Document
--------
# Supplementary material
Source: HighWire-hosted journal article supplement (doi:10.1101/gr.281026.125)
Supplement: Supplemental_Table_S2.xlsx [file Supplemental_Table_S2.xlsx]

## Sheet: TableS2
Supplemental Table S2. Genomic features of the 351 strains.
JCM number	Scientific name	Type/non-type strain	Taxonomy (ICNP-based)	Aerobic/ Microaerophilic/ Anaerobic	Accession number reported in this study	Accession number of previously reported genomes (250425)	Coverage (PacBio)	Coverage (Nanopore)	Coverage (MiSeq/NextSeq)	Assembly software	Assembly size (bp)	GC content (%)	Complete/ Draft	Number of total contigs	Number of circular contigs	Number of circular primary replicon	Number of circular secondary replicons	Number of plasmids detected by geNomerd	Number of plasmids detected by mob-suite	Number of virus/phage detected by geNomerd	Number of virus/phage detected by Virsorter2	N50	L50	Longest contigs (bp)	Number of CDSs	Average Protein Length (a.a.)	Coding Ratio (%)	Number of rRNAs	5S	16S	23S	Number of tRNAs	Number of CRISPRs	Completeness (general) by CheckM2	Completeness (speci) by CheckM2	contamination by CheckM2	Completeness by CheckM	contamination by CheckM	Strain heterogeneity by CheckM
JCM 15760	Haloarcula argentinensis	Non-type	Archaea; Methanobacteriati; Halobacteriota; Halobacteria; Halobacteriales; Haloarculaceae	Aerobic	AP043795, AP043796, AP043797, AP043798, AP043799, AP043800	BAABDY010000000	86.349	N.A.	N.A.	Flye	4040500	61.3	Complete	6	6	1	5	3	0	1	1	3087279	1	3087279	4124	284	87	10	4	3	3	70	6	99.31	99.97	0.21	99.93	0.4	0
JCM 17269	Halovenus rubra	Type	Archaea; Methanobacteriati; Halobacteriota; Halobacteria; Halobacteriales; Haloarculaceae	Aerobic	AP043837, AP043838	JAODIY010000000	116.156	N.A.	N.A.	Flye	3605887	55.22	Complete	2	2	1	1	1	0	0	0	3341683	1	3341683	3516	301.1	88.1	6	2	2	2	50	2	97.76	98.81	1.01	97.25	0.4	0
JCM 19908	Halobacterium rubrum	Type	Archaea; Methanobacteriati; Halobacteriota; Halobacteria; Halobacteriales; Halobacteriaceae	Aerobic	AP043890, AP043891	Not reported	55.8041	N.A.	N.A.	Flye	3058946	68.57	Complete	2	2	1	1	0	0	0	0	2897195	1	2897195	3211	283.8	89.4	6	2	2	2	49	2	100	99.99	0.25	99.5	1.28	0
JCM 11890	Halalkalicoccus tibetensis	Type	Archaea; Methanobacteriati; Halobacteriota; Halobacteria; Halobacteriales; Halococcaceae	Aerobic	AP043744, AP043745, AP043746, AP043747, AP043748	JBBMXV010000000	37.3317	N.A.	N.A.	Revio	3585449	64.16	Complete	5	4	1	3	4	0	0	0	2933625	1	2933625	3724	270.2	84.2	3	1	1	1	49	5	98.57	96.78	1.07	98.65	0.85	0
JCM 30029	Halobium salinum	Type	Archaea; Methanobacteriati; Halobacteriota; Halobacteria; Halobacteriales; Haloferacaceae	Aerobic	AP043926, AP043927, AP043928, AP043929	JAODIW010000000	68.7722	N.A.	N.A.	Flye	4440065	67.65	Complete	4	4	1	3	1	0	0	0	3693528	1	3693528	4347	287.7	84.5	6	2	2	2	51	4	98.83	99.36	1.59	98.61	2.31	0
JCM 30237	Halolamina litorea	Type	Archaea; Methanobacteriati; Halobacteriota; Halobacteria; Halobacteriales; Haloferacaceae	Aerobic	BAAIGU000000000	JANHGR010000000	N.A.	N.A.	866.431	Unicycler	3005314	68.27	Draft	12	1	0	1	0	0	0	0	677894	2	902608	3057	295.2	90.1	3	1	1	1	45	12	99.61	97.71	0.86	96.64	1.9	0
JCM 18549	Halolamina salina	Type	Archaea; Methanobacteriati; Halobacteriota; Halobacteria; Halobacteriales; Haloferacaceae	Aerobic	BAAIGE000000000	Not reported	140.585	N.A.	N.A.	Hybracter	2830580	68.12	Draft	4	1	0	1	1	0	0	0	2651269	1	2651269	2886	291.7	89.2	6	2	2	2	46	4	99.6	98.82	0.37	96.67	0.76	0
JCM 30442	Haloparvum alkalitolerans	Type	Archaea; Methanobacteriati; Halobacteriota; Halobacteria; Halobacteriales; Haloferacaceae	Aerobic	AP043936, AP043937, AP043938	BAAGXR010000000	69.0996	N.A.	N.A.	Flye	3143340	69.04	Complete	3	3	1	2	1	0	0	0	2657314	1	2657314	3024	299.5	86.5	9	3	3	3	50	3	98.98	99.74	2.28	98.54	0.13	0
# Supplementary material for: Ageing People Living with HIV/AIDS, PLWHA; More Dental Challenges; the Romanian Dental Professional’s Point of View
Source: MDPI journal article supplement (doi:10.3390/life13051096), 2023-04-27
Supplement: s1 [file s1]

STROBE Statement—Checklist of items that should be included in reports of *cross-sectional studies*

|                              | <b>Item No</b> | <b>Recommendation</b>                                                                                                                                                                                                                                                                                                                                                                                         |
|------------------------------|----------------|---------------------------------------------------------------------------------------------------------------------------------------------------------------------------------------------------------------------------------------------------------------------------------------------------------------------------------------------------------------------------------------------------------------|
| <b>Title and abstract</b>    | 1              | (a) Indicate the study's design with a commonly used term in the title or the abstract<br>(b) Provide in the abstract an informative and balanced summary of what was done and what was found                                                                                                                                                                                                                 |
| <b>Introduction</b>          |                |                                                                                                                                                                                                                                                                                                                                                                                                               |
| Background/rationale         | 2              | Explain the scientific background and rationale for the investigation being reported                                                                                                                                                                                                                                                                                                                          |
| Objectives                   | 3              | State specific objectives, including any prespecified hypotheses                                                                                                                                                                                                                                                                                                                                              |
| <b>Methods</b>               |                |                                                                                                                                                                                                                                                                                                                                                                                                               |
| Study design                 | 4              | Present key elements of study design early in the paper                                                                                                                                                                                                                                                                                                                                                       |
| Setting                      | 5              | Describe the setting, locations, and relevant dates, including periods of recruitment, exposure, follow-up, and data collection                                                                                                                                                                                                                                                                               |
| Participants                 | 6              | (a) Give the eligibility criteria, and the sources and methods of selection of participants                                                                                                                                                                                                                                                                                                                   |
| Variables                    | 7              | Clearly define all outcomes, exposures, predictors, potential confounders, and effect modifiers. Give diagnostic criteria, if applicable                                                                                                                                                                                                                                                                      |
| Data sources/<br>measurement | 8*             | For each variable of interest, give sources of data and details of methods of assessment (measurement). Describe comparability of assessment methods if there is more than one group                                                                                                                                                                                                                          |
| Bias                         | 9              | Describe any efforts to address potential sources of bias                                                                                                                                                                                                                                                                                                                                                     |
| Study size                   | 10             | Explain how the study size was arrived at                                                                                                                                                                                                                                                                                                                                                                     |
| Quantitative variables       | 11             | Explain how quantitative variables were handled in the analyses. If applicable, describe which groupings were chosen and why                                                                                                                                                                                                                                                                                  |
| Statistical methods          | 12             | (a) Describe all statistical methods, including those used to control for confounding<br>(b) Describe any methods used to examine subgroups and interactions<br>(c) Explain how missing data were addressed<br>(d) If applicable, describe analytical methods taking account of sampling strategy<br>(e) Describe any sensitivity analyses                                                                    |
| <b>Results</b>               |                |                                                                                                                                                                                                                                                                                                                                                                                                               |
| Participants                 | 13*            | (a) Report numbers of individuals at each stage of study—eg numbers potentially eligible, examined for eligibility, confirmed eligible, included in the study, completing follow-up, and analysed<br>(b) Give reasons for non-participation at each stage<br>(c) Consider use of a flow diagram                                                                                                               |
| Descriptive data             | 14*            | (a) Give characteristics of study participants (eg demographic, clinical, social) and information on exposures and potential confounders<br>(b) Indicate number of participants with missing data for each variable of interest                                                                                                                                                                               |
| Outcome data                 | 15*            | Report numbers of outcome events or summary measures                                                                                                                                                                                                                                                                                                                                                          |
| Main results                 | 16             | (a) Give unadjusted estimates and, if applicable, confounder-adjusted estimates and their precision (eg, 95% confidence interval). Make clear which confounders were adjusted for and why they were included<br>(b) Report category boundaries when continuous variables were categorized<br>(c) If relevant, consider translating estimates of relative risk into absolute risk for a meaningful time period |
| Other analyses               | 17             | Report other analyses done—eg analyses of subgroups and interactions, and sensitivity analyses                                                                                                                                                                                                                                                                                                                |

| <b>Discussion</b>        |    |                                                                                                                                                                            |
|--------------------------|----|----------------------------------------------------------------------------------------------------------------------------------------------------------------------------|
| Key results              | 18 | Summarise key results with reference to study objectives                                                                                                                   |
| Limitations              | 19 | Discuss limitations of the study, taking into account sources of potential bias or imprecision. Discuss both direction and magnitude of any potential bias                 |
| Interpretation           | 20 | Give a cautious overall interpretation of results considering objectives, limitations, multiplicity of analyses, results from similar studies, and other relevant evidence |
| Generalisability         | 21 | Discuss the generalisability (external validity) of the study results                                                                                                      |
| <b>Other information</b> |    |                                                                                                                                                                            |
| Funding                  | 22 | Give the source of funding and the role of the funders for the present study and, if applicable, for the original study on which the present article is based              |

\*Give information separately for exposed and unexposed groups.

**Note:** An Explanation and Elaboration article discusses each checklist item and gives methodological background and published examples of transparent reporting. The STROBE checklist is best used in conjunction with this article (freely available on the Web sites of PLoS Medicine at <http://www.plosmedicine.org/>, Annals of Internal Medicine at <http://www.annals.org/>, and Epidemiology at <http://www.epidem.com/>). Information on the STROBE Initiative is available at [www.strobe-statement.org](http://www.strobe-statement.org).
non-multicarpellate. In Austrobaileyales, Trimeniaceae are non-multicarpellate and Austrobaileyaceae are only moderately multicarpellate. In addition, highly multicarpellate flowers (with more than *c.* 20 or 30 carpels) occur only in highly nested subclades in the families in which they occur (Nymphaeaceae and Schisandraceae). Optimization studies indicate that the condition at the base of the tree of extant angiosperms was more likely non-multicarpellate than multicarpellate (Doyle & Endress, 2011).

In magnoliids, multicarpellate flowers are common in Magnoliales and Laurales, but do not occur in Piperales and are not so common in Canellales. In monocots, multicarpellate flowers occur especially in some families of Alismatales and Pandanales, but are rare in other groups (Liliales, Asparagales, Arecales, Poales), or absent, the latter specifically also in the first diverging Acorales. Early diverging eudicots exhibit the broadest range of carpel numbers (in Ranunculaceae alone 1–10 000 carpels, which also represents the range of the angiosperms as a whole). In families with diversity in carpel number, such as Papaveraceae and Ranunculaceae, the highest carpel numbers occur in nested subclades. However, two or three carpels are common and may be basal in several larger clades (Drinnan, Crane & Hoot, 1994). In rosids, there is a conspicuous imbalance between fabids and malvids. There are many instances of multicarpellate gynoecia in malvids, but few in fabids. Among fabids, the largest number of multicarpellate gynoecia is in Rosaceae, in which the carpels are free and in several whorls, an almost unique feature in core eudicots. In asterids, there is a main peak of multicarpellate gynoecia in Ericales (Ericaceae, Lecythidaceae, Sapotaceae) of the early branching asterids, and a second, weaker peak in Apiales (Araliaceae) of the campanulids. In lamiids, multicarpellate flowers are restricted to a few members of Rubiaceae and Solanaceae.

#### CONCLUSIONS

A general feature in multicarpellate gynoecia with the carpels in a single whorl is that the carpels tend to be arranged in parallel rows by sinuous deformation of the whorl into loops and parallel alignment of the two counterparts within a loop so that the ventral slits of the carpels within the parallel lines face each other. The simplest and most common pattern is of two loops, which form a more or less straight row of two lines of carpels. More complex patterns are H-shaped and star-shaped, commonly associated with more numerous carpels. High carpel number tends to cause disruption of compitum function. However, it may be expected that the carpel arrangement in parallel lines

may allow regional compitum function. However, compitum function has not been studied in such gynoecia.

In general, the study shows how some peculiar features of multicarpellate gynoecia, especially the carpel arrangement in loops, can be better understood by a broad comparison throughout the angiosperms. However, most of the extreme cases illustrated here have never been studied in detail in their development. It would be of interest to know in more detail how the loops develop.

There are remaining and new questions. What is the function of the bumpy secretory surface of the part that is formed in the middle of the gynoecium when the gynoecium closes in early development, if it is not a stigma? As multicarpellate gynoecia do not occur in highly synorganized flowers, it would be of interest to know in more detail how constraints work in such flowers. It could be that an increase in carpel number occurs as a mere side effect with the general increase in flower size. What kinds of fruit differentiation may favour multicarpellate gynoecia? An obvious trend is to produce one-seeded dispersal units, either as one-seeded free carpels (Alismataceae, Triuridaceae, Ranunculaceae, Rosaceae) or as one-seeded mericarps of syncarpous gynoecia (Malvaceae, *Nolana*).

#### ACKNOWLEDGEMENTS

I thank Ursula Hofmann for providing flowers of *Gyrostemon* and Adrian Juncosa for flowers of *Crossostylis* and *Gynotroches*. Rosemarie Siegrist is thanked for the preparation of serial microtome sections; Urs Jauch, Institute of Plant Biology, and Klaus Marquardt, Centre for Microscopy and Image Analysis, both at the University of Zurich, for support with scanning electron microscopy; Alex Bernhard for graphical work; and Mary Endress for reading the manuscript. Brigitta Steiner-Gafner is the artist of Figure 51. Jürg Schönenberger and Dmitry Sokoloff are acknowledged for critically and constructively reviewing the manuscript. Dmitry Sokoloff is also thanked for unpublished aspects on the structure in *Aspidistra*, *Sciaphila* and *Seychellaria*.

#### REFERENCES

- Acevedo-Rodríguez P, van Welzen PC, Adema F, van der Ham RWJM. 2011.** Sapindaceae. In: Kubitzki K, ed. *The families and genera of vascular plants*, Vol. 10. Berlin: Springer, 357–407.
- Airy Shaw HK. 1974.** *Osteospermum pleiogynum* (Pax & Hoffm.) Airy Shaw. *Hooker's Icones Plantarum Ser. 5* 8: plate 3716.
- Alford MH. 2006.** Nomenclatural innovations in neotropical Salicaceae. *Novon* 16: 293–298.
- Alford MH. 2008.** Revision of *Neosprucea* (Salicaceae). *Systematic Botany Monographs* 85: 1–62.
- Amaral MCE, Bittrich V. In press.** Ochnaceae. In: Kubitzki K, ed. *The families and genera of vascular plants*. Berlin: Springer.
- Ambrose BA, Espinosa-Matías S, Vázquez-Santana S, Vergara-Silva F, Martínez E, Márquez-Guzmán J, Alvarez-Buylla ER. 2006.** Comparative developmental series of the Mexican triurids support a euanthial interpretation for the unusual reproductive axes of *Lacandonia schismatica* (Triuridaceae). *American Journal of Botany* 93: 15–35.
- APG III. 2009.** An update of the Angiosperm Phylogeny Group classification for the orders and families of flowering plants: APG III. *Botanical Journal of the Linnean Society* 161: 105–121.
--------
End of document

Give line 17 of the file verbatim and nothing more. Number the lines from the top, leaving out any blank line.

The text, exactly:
Supplement: s1 [file s1]